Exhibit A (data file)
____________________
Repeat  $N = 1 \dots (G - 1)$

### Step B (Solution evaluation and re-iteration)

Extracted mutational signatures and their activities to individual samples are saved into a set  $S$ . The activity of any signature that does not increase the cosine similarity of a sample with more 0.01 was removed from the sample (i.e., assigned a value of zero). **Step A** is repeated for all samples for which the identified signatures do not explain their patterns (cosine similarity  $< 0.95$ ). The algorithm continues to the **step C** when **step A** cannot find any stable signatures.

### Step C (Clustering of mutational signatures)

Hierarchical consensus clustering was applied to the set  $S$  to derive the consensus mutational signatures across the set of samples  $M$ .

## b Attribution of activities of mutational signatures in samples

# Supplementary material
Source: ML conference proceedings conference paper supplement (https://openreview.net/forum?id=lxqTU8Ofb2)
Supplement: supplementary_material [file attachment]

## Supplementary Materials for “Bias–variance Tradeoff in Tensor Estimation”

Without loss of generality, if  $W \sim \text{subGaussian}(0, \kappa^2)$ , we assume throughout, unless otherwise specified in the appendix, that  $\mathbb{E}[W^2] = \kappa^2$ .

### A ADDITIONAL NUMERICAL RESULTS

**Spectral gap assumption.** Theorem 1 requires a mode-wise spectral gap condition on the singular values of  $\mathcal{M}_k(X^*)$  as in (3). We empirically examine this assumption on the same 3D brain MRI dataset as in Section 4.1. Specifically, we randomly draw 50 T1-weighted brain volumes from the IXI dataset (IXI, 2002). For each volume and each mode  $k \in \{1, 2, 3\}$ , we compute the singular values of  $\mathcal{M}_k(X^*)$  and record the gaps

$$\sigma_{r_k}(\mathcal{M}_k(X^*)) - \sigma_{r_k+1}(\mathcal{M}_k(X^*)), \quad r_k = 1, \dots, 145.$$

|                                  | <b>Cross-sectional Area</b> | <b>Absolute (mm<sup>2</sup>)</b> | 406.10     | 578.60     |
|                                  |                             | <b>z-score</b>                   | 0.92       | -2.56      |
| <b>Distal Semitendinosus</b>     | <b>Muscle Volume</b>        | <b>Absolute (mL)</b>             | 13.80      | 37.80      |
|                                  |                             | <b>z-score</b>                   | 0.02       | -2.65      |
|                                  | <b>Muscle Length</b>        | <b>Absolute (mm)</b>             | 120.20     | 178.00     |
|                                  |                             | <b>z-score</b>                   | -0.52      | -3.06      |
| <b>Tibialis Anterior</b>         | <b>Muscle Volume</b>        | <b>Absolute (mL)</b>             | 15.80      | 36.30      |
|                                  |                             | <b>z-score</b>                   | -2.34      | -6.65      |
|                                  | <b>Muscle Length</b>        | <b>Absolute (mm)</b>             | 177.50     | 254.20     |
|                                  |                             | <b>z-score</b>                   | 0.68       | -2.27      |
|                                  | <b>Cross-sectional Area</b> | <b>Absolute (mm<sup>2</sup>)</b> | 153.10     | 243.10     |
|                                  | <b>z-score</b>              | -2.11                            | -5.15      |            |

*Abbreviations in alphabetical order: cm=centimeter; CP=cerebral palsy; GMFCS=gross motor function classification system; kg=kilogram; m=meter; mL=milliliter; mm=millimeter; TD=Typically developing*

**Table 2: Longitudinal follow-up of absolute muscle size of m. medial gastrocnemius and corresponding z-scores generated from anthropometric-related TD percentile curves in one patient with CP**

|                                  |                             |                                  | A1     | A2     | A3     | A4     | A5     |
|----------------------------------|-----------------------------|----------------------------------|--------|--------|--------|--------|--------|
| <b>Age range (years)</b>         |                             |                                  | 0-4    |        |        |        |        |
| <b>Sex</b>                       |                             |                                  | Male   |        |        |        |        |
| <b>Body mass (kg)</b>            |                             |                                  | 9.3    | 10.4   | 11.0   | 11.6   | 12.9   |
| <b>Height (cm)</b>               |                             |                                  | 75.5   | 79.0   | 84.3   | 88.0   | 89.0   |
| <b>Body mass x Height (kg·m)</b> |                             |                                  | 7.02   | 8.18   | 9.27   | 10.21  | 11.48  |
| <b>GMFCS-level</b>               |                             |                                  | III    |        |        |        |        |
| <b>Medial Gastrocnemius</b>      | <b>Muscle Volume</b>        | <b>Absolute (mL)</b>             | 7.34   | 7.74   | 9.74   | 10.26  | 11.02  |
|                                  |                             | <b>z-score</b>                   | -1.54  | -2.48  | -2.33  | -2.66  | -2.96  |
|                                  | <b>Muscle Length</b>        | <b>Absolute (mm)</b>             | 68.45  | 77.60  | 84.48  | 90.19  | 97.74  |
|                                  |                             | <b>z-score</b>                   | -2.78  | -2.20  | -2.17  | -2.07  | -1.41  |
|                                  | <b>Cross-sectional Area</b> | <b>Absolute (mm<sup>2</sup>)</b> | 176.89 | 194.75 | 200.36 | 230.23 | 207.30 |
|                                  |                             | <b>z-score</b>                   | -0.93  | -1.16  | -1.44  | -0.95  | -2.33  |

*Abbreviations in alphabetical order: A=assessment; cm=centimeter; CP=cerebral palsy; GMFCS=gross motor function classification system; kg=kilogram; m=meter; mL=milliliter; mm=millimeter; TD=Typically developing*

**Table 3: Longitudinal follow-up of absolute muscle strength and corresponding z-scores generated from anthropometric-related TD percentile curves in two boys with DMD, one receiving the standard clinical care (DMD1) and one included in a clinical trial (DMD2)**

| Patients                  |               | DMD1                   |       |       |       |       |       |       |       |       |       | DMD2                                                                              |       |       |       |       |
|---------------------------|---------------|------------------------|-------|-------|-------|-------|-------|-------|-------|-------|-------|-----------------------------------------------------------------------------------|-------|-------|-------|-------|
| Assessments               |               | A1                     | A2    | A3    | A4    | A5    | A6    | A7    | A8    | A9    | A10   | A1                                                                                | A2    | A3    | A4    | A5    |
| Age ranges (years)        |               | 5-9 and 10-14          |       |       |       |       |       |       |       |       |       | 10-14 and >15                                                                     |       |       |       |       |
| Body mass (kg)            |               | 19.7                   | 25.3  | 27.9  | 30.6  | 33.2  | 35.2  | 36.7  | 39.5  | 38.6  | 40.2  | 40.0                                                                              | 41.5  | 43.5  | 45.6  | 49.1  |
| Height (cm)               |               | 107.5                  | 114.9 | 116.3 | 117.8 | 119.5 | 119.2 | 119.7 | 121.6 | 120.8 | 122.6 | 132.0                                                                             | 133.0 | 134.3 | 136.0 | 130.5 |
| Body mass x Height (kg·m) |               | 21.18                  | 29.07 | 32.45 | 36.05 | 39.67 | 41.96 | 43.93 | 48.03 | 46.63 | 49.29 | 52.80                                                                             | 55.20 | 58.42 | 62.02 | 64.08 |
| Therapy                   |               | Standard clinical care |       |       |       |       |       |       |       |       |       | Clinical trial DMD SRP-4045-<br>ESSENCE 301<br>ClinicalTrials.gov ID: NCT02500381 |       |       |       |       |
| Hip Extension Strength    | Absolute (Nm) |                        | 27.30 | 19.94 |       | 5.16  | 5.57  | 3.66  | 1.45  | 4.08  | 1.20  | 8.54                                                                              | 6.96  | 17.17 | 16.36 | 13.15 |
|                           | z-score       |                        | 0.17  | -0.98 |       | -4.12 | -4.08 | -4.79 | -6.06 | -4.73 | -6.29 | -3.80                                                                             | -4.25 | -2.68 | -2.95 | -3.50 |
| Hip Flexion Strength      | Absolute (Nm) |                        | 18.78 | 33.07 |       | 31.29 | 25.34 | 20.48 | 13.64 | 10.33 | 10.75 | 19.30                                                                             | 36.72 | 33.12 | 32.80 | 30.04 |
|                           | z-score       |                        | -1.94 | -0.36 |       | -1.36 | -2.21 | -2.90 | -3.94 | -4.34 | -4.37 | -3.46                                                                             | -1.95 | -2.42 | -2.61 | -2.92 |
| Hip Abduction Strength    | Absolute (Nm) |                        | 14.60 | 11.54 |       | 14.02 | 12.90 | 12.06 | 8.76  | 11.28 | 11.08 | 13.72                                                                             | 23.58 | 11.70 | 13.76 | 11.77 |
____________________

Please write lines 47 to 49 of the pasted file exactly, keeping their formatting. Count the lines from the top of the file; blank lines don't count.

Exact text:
| Assessments               |               | A1                     | A2    | A3    | A4    | A5    | A6    | A7    | A8    | A9    | A10   | A1                                                                                | A2    | A3    | A4    | A5    |
| Age ranges (years)        |               | 5-9 and 10-14          |       |       |       |       |       |       |       |       |       | 10-14 and >15                                                                     |       |       |       |       |
| Body mass (kg)            |               | 19.7                   | 25.3  | 27.9  | 30.6  | 33.2  | 35.2  | 36.7  | 39.5  | 38.6  | 40.2  | 40.0                                                                              | 41.5  | 43.5  | 45.6  | 49.1  |